The Benefits: Being There is Validating—Making Me Real

We’ve discussed the complexities related to:
Traveling into unknowns
And those tied to the “right age to travel.”

While there are no doubt countless other complexities, I thought I’d balance the table a bit and talk about the positives of a homeland journey.

For starters, being there is validating. That is, for many adoptees, their very existence is made more “real” through experiences like:
• Seeing their original file or an intake chart,
• Meeting caregivers,
• And visiting people and places significant to the their adoption.

In my mind’s eye, I have such vivid memories of validating moments playing out

Meeting the doctor who delivered!

throughout the world as we’ve journeyed together. One of my favorite memories involved a 10 year old boy. He had been hospitalized prior to being adopted and our research revealed that the same doctor who had provided his medical care as an infant was still on staff. We asked if the doctor would be willing to meet the boy and his family. The response: A warm YES! On the day we visited the hospital, a very gentle, caring doctor arrived in the examining room, stethoscope in hand. “I must check you over to make sure you are as healthy as when I last saw you,” she said with a smile. She peeked in his ears, tested his reflexes, and listened to his heart, and more importantly seemed to know exactly what his heart needed. “I am very satisfied with what a strong young man you have become,” the doctor said. Both doctor and the boy were smiling from ear to ear. Validating.

Oh, those wonderful caregivers!

Other kids find validation via foster mothers, nannies, and other early caregivers….people who literally held their lives in balance until they arrived at their forever homes. “The best part of visiting my birth country was meeting my foster Mom. She held my hand the whole time and even insisted on feeding me at lunch.”That is a very common report from kids. Even kids who initially do not place so much emphasis on meeting caregivers seem to hold this connection in high regard.

There is something very powerful about first hand, experiential time in ones birth country. Returning from China Ties, Molly McPeak said these words with great conviction, “I knew I was adopted from China, born in Anhui Province, found somewhere in Tongling City, but when you actually get a chance to go back to your roots, everything seems to come together. Going to Anhui Province and seeing Tongling City for the first time brought me WAY back. Even though I can’t remember the years I was there, it felt like the missing part of me was finally found. I found out the reason behind my name and the actual site where I was found. All the missing information was finally right in front of me. I learned who I truly am.”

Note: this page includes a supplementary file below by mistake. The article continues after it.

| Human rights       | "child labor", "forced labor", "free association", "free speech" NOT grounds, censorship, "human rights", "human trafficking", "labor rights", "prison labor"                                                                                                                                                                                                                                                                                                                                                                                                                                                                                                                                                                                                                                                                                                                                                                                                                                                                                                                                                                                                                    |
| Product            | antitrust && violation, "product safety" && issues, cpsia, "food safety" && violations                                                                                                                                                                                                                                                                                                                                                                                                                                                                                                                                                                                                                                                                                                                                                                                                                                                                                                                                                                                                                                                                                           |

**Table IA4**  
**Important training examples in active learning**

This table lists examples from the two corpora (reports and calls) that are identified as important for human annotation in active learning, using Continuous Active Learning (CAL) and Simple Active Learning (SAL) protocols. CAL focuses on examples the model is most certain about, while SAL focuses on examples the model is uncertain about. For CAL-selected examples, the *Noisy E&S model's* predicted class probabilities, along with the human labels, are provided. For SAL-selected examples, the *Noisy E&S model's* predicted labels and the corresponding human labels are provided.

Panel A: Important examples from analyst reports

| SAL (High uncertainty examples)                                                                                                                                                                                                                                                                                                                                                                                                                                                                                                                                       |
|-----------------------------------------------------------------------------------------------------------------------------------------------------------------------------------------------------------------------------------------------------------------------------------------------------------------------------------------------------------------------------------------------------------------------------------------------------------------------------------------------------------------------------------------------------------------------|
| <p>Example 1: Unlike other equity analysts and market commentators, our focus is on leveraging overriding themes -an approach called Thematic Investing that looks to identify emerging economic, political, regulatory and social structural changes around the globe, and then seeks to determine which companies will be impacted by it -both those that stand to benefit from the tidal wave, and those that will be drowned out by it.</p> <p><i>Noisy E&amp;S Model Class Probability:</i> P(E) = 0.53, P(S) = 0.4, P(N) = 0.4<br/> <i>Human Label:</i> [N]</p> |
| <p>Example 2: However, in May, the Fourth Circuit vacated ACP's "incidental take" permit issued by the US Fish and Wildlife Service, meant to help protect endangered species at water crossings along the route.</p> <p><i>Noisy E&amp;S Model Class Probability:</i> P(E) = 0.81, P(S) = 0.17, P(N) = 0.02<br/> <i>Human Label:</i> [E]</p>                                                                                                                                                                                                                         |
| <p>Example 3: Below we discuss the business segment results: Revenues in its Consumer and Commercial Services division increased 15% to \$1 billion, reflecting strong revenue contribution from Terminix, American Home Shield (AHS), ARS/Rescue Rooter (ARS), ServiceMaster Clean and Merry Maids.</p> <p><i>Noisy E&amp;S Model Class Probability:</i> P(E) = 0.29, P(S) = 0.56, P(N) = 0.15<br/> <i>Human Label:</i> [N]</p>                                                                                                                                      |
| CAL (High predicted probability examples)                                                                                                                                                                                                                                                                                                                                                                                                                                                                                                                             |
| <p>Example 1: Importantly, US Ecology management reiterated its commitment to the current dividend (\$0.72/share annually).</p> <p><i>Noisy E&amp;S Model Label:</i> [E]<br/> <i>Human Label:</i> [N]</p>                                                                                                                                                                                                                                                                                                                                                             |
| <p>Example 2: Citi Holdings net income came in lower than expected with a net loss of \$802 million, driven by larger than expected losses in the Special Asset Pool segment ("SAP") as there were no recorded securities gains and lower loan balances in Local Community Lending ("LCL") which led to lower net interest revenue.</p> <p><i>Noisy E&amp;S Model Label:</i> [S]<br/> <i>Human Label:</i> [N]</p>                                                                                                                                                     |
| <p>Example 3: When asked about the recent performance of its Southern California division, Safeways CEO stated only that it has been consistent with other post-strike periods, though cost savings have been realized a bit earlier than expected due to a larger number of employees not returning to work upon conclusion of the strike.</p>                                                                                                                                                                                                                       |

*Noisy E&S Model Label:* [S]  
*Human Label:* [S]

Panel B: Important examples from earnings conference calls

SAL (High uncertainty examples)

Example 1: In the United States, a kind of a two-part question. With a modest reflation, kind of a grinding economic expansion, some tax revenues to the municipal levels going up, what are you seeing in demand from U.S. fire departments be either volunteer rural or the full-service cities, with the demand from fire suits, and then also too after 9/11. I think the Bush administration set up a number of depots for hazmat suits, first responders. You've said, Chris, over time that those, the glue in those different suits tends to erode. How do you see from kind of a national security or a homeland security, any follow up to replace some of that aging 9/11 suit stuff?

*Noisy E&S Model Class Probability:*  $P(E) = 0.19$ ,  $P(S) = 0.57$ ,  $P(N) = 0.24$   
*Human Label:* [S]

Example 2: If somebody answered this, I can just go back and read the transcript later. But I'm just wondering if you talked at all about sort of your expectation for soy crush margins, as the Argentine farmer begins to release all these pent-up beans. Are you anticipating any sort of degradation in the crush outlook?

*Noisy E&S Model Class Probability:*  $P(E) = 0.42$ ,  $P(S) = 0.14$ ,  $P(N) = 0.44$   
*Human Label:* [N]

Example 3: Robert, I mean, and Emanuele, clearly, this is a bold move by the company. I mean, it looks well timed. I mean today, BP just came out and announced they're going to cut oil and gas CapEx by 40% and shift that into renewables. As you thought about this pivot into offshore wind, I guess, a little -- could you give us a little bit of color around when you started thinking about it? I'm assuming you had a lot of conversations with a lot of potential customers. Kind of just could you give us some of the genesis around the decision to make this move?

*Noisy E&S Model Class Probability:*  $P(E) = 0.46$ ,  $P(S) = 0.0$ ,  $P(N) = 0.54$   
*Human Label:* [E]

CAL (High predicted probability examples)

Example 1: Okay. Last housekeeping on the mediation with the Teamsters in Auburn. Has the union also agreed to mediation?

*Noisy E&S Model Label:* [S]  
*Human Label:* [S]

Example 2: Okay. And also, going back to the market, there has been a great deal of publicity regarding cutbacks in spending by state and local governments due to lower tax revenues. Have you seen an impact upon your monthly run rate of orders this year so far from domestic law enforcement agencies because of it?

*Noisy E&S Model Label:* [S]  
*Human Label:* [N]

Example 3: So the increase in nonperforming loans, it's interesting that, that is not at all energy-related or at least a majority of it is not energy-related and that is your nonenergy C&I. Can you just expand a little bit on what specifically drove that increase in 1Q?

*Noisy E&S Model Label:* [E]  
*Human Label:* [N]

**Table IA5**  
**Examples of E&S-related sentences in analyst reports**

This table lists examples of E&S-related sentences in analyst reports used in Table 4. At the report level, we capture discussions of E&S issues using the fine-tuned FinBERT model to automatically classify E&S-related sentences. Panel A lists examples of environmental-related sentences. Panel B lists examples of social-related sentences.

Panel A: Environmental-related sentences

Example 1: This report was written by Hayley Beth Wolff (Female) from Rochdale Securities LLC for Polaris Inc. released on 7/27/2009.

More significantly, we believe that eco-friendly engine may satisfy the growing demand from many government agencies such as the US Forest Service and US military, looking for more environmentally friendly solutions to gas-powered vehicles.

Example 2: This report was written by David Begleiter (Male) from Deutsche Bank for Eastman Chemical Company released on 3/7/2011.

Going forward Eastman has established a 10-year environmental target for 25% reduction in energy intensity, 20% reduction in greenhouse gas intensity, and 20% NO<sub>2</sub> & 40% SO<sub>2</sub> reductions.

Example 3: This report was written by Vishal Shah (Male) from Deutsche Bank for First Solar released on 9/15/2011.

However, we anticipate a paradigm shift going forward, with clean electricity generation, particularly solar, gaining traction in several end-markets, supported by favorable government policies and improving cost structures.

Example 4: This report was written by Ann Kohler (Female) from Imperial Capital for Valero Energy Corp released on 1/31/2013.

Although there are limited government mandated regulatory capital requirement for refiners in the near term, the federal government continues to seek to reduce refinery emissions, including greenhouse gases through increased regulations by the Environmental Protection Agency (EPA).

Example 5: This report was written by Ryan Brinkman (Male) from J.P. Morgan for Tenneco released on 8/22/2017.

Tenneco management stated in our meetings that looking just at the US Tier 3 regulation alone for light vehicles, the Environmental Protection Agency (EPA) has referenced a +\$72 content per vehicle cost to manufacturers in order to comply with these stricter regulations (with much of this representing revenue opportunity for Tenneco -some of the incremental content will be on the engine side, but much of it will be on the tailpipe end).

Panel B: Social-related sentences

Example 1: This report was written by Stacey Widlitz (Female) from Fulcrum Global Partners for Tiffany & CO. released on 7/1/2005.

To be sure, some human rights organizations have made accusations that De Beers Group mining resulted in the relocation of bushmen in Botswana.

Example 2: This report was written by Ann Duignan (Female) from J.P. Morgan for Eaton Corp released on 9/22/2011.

Yes, meeting birth family is HUGE when it comes to validation, but there are SO many other validating factors, and the reality is that even now, the vast majority of international adoptees are not meeting their birth families. So, understanding and recognizing the other things that provide validation for our children is especially important.

Validation brings a sense of “real” to kids, allowing them to begin to take ownership of their lives. It gives them an opportunity to move from hearing their stories, to being able to tell THEIR stories. Like a black & white TV screen suddenly doing high-def color!

Have you and/or your child had a validating experience while traveling? What have those experience meant to you or your child?

Cheering on Confidence Through Activity

Genuine confidence is a way of thinking about yourself and your abilities. Confidence is your perception of your own potential; it’s a kind of long-term thinking that powers you through the obstacles and tough times, helping you solve problems and putting you in the way of success. Your confidence is quite a separate matter from your social skills.